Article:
A pig problem for climate change

A wild pig
Credit: Scimex.

Wild pigs are releasing nearly five million tonnes of trapped soil carbon dioxide annually – about the same as that produced by a million cars – which may contribute to climate change, according to a new study published in Global Change Biology.

A team of researchers, led by Christopher O’Bryan of the University of Queensland, used predictive population models and advanced mapping techniques to estimate the global climate damage of wild pigs across five continents.

They determined that, in digging up soil, the pigs helped release 4.9 million tonnes of trapped carbon dioxide, making the animals a significant contributor to climate change.

“Wild pigs are just like tractors ploughing through fields, turning over soil to find food,” says O’Bryan.

“When soils are disturbed from humans ploughing a field or, in this case, from wild animals uprooting [soil], carbon is released into the atmosphere.

“Since soil contains nearly three times as much carbon than the atmosphere, even a small fraction of carbon emitted from soil has the potential to accelerate climate change.

“Our models show a wide range of outcomes, but they indicate that wild pigs are most likely currently uprooting an area of around 36,000 to 124,000 square kilometres, in environments where they’re not native.

“This is an enormous amount of land, and this not only affects soil health and carbon emissions, but it also threatens biodiversity and food security that are crucial for sustainable development.”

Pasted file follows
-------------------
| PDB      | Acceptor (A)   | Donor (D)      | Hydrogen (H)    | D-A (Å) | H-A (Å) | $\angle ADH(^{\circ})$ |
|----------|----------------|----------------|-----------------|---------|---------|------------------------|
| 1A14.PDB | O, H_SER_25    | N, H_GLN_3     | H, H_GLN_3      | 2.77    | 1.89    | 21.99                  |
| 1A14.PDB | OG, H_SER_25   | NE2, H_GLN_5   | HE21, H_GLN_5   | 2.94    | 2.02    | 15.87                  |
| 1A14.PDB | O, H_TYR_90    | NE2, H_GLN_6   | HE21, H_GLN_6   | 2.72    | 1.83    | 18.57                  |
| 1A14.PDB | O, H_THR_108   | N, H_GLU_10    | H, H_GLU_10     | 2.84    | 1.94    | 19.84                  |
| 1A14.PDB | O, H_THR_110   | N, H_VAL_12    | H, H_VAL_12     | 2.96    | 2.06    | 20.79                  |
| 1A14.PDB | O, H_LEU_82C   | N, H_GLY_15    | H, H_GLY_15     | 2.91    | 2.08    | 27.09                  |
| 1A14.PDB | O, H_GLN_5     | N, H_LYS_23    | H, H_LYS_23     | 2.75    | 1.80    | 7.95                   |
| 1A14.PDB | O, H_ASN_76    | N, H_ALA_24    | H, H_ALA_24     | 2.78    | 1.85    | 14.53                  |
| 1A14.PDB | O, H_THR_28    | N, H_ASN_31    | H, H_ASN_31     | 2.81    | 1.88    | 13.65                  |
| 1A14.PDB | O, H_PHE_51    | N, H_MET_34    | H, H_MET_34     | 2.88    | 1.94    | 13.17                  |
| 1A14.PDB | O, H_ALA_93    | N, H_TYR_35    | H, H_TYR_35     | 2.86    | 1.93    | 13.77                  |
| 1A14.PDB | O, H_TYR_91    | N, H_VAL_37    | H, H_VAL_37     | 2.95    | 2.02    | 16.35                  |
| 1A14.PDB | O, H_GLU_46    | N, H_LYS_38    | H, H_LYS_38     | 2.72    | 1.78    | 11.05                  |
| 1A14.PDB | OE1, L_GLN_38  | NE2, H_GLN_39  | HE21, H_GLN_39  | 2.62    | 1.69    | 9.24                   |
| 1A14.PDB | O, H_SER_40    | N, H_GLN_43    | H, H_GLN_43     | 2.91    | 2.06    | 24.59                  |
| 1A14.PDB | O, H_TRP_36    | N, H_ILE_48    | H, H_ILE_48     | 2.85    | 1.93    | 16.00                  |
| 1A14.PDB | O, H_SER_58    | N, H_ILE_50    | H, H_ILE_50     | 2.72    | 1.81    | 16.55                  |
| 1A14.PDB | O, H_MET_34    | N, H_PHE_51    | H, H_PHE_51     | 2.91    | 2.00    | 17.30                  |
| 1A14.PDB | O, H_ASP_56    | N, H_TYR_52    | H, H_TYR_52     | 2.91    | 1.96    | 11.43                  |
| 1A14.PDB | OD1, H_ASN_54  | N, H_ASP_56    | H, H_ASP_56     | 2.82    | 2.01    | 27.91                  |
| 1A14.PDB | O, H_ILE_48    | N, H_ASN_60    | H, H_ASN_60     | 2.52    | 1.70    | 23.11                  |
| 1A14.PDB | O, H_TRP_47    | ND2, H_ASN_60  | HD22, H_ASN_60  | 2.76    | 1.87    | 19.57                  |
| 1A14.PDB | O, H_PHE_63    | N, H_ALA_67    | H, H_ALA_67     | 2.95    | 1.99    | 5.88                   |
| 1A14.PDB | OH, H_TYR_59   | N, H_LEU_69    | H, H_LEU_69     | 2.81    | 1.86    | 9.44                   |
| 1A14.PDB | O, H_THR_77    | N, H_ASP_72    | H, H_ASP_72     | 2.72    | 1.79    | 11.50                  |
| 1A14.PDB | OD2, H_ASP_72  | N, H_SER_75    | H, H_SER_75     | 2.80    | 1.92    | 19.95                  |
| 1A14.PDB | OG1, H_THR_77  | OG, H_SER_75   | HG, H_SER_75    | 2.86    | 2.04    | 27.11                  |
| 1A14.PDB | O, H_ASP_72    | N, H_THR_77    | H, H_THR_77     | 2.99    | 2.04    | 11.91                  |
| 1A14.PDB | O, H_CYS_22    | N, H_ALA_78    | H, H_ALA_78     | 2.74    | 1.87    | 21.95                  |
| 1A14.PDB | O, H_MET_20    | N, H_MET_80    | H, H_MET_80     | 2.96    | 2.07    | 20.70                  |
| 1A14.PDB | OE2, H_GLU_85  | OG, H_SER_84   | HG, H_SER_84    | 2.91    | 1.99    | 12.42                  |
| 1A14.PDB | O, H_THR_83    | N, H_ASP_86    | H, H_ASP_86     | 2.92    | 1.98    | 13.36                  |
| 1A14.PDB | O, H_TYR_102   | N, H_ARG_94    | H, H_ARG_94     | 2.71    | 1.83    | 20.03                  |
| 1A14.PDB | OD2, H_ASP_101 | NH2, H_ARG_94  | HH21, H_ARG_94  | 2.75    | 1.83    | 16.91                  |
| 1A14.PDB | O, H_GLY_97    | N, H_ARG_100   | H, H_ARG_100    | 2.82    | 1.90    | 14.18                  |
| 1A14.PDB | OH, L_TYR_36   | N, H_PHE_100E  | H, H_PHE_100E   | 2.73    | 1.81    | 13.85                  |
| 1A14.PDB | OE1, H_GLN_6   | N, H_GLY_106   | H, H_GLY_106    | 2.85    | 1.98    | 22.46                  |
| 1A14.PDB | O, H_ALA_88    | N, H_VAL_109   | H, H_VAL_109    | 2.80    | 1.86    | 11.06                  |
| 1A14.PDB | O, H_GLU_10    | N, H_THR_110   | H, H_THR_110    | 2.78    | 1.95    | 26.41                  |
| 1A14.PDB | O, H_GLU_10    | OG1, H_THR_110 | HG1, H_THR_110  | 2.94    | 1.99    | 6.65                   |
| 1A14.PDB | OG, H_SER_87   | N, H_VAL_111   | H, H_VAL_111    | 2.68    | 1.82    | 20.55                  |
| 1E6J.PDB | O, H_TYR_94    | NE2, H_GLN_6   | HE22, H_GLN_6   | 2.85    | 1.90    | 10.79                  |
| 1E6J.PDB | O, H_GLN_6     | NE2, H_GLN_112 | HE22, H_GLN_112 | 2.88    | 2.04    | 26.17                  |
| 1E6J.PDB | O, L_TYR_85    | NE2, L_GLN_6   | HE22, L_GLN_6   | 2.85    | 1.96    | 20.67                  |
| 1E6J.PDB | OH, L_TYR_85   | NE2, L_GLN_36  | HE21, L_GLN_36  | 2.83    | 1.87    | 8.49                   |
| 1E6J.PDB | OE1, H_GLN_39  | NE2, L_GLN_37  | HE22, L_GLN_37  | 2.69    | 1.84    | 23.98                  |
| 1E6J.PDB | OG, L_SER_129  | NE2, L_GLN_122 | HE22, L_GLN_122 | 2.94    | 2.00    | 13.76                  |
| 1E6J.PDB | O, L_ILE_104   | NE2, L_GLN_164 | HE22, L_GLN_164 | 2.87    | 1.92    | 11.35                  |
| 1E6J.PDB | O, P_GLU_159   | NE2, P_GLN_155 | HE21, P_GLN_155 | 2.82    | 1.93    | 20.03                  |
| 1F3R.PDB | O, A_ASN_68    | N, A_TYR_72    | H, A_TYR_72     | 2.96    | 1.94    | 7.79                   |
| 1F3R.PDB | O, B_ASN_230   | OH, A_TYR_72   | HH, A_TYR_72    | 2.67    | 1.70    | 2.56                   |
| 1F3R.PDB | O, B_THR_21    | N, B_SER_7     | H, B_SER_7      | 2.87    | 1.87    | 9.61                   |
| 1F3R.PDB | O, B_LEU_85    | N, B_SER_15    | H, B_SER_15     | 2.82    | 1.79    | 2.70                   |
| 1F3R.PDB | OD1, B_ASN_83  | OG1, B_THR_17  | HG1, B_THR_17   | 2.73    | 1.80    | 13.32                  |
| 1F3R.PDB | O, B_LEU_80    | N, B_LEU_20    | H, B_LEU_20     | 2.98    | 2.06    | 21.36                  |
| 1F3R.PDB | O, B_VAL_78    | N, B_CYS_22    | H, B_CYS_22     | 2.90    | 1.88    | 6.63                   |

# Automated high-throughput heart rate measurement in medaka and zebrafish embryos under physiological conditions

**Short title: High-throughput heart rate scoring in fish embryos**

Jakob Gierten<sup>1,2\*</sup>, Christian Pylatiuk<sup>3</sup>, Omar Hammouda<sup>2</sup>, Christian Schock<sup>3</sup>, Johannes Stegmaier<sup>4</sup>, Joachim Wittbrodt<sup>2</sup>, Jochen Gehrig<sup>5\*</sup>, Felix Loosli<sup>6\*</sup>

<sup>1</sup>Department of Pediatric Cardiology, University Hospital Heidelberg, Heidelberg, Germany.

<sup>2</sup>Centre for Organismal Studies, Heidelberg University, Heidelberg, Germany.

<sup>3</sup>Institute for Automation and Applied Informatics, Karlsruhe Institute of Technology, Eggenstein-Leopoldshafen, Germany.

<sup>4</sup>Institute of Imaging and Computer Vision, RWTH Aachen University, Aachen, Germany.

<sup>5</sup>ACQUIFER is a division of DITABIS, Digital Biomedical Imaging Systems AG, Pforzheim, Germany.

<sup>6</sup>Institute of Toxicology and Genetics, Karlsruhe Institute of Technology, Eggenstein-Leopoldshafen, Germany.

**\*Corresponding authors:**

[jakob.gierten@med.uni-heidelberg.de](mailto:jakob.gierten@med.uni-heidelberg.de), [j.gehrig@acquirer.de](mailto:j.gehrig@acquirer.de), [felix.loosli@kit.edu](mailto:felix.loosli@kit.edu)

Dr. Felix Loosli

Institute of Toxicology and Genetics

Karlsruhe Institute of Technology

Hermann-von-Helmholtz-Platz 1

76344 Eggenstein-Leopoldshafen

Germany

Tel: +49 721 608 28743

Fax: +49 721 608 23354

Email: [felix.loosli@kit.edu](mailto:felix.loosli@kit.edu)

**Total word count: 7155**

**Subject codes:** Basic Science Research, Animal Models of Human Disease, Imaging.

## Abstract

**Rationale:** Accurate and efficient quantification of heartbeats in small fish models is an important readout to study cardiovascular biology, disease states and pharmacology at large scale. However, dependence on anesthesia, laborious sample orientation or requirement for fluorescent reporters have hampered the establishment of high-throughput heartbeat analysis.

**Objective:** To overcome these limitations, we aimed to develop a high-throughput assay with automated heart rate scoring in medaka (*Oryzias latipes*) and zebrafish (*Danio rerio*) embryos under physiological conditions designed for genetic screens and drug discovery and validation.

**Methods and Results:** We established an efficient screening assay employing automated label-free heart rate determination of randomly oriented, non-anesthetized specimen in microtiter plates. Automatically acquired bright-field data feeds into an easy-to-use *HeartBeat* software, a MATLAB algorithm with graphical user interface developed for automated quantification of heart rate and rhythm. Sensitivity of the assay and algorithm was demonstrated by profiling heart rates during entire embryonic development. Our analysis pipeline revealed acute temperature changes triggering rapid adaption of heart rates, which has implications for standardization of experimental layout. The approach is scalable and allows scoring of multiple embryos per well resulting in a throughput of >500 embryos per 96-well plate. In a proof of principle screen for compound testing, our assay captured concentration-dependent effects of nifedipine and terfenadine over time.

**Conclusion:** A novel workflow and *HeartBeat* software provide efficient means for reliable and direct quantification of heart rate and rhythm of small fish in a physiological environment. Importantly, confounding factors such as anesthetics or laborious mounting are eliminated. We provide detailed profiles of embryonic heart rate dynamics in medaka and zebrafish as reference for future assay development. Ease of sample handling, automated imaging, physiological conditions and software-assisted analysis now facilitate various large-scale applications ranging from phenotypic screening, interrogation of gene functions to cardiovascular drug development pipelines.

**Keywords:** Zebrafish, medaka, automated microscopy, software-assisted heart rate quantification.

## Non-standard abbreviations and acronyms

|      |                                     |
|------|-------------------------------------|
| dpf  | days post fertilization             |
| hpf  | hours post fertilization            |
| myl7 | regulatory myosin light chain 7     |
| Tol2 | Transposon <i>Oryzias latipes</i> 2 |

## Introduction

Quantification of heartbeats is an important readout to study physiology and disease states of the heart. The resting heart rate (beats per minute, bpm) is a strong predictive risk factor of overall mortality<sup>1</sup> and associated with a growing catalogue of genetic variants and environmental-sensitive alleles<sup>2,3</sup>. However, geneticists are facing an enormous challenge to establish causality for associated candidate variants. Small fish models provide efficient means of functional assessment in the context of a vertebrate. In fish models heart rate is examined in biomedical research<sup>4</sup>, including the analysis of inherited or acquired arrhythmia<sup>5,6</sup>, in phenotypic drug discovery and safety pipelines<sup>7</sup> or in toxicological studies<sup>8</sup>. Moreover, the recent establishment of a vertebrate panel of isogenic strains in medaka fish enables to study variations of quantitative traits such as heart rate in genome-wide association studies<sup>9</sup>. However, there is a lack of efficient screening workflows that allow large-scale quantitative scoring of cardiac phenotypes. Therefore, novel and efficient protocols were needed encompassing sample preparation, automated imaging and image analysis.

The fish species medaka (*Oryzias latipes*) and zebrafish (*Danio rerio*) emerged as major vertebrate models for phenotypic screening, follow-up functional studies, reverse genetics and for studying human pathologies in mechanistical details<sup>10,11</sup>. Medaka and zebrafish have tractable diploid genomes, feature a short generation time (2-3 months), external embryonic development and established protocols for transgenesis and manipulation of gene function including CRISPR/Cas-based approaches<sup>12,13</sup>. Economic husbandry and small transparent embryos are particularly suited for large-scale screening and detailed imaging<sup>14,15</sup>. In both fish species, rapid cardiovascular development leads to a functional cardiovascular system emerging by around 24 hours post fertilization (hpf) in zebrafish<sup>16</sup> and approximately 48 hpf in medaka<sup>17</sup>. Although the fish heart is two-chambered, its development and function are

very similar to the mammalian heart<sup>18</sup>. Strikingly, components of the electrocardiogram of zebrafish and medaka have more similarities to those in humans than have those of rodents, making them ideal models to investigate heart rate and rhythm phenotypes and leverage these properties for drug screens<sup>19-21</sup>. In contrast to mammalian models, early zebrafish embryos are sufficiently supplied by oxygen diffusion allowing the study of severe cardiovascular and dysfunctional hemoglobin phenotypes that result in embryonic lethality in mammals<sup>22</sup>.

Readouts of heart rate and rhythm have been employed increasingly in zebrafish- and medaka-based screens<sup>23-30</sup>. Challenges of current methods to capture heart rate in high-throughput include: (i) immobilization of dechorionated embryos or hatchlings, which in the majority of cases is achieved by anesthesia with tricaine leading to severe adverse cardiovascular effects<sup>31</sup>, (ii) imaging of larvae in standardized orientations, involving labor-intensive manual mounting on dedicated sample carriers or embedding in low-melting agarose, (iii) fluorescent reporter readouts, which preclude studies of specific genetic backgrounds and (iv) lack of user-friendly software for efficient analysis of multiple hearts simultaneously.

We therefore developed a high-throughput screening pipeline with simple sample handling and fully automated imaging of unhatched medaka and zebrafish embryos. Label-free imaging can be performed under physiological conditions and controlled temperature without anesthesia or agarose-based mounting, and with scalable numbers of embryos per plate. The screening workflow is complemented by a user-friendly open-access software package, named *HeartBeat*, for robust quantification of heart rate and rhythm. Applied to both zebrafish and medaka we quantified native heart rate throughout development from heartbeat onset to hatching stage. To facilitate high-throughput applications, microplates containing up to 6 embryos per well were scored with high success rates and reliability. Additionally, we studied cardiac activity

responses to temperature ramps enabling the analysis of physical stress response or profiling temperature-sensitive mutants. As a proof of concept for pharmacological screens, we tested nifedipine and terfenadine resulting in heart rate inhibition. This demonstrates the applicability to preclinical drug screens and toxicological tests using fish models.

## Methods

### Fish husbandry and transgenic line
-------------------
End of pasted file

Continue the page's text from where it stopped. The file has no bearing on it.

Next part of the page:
Building on existing maps of wild pig distribution, the team simulated another 10,000 maps to estimate total global pig density.

They then modelled how much carbon would be trapped – and subsequently released – in the entire area of soil that would be disturbed by pigs. This included areas that had different types of vegetation and elevations, such as lowland grassland and subalpine woodland.

“Invasive species are a human-caused problem, so we need to acknowledge and take responsibility for their environmental and ecological implications,” says co-author Nicholas Patton of the University of Canterbury.

“If invasive pigs are allowed to expand into areas with abundant soil carbon, there may be an even greater risk of greenhouse gas emissions in the future.

“Because wild pigs are prolific and cause widespread damage, they’re both costly and challenging to manage.

“Wild-pig control will definitely require cooperation and collaboration across multiple jurisdictions, and our work is but one piece of the puzzle, helping managers better understand their impacts.

“It’s clear that more work still needs to be done, but in the interim, we should continue to protect and monitor ecosystems and their soil, which are susceptible to invasive species via loss of carbon.”

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